iv) numerical modelling, to integrate all data and predict how damage evolved before, through and after the calving of the A68 iceberg.

Satellite analysis and numerical modelling will commence at the initiation of the project in early October, with field deployment taking place at the earliest logistical opportunity (to be confirmed with the British Antarctic Survey, but likely in November 2017). This vital initial appraisal will serve as the basis of further grant applications through 2018, which will include the deployment of a comprehensive suite of field instruments.

Our project offers an initial description of the new stress-state for LCIS, providing a reference baseline for any future study. The most immediate benefits will be for the specific understanding of the A68 calving event, and its implications for the stability of the remaining LCIS, but we also improve the understanding of the mechanisms involved with any equivalent calving process.

Planned Impact

We prioritise public engagement in our impact efforts, aiming to improve their appreciation of key ice shelf processes. Government policy makers will also benefit from our improved predictions of ice shelf stability and their implications for sea-level rise - however we recognise that the most effective contributions to such bodies come not from a single project but from a consensus view from the academic community. Our efforts towards these policy impacts are therefore directed towards maximising our engagement with other researchers in glaciology.

The general public is broadly familiar with processes active on Larsen C Ice Shelf, following the vigorous attention it received from the media in the months leading up to, and immediately after, the calving of iceberg A68. Given its focus on this event, this project has a clear pathway to continue public engagement and, in particular, to develop this into an improved understanding of important ice shelf processes. For example, it was evident in the media's treatment of the A68 calving event that reporters wished to link the process to global climate warming - yet the academic consensus was that no clear evidence of a climate change link was present. While it is therefore important that climate change issues remain prominent in the public eye, it is important that they are not misled from its genuine influences and impacts. By maintaining public engagement through this project, its investigators will improve public interest and understanding of the key processes involved in iceberg calving and ice shelf evolution.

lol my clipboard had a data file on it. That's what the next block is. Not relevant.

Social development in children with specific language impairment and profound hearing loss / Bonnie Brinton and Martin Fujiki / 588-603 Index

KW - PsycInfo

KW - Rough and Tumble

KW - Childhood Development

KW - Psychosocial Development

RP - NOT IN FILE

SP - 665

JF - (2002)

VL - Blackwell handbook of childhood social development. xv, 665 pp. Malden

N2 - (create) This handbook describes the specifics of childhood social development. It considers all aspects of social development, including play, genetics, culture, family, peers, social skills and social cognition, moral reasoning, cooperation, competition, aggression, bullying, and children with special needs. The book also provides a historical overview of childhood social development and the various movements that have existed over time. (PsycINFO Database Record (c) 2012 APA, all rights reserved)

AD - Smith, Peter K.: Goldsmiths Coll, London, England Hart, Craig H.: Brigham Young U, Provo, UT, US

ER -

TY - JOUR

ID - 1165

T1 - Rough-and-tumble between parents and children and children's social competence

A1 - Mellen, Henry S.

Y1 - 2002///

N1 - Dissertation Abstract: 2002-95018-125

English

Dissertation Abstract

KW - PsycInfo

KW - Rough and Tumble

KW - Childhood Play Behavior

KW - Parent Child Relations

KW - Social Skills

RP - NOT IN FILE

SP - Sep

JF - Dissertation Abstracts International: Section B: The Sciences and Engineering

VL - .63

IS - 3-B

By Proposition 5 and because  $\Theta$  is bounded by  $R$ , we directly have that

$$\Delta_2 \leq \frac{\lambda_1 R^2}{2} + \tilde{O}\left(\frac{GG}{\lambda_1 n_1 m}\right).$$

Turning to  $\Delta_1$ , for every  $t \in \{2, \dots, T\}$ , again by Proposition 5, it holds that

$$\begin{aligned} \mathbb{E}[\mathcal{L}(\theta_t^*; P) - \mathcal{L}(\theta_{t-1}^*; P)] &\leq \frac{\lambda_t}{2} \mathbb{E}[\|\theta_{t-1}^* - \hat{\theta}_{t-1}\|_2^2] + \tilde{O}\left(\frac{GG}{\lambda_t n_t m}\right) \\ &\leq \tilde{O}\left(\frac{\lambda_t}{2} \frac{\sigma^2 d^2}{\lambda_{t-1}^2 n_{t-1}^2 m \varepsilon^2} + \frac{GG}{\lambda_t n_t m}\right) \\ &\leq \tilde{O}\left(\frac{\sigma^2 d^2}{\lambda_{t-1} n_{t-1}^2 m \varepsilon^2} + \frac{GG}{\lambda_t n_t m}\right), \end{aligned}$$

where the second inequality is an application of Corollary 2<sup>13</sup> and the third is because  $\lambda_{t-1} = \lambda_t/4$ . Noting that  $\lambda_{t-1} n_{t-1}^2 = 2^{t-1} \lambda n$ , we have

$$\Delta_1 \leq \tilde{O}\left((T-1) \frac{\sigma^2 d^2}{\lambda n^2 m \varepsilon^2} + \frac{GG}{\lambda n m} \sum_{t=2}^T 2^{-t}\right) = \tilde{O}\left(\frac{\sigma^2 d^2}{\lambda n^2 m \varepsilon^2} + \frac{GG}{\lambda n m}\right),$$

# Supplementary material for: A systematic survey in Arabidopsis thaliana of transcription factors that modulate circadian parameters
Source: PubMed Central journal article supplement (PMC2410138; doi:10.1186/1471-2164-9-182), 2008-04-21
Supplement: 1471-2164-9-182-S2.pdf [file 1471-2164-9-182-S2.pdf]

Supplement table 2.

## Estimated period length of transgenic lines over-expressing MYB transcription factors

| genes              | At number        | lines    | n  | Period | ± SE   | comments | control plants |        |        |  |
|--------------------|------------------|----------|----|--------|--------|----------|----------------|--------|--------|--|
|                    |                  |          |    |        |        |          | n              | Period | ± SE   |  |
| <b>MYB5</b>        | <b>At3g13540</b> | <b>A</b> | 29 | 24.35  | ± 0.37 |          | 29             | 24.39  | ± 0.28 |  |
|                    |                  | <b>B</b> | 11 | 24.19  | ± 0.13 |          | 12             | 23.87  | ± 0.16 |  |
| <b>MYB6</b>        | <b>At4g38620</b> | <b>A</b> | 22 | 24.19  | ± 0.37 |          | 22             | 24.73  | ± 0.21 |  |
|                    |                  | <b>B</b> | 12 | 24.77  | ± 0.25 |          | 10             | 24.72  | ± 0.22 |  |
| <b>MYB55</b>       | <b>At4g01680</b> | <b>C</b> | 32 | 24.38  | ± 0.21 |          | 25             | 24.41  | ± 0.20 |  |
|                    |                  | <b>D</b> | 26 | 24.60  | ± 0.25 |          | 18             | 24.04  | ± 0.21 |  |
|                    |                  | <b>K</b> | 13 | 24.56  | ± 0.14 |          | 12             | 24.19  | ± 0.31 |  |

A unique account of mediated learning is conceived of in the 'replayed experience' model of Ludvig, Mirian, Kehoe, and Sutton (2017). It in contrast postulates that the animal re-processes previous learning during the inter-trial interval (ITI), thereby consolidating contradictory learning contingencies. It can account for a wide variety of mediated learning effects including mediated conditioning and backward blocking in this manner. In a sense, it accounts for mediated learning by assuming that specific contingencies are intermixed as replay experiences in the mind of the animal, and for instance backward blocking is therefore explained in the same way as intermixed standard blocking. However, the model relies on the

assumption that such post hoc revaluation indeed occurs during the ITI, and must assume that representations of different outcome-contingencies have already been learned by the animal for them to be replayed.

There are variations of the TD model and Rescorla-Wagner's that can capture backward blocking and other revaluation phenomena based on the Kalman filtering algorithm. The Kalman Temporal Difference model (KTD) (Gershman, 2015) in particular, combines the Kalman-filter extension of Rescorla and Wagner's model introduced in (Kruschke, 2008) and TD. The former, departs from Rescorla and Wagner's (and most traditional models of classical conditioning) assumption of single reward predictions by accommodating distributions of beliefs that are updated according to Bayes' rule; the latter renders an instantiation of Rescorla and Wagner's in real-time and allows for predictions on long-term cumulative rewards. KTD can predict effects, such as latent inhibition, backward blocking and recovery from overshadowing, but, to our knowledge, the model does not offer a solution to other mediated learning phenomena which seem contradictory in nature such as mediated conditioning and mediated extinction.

Our public outreach activities will include:

1) Maintaining a project website, which will report activity and observations throughout the span of the project. Rather than launching a new website, we will open dedicated space within the existing "Project MIDAS" website - This was established during a previous NERC-funded project on the Larsen C Ice Shelf and included updates on the development of the rift that ultimately led to the calving of iceberg A68. Since January 2017, the Project MIDAS website received over 200,000 unique visitors hence is a viable route to effective public engagement. With its dedicated pages, this urgency project will have its own identity but will benefit from the existing public/media familiarity with the existing MIDAS resource.